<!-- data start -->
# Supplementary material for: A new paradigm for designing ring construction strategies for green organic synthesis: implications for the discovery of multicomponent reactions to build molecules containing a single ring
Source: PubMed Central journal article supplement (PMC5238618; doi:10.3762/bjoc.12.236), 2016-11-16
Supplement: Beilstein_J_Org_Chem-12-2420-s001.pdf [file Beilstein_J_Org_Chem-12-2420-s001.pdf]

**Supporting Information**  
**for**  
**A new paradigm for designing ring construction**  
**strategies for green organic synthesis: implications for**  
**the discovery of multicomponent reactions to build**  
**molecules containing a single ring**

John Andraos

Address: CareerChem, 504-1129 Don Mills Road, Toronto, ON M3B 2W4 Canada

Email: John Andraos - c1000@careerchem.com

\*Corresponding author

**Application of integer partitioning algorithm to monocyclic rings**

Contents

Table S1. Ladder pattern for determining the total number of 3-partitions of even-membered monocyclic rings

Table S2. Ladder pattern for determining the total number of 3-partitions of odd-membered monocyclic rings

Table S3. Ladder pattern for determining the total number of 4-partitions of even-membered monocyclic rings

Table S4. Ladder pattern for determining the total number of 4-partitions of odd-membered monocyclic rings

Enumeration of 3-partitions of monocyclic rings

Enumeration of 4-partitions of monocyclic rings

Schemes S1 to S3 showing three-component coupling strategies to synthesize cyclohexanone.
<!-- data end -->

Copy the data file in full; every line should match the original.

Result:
# Supplementary material for: A new paradigm for designing ring construction strategies for green organic synthesis: implications for the discovery of multicomponent reactions to build molecules containing a single ring
Source: PubMed Central journal article supplement (PMC5238618; doi:10.3762/bjoc.12.236), 2016-11-16
Supplement: Beilstein_J_Org_Chem-12-2420-s001.pdf [file Beilstein_J_Org_Chem-12-2420-s001.pdf]

**Supporting Information**  
**for**  
**A new paradigm for designing ring construction**  
**strategies for green organic synthesis: implications for**  
**the discovery of multicomponent reactions to build**  
**molecules containing a single ring**

John Andraos

Address: CareerChem, 504-1129 Don Mills Road, Toronto, ON M3B 2W4 Canada

Email: John Andraos - c1000@careerchem.com

\*Corresponding author

**Application of integer partitioning algorithm to monocyclic rings**

Contents

Table S1. Ladder pattern for determining the total number of 3-partitions of even-membered monocyclic rings

Table S2. Ladder pattern for determining the total number of 3-partitions of odd-membered monocyclic rings

Table S3. Ladder pattern for determining the total number of 4-partitions of even-membered monocyclic rings

Table S4. Ladder pattern for determining the total number of 4-partitions of odd-membered monocyclic rings

Enumeration of 3-partitions of monocyclic rings

Enumeration of 4-partitions of monocyclic rings

Schemes S1 to S3 showing three-component coupling strategies to synthesize cyclohexanone.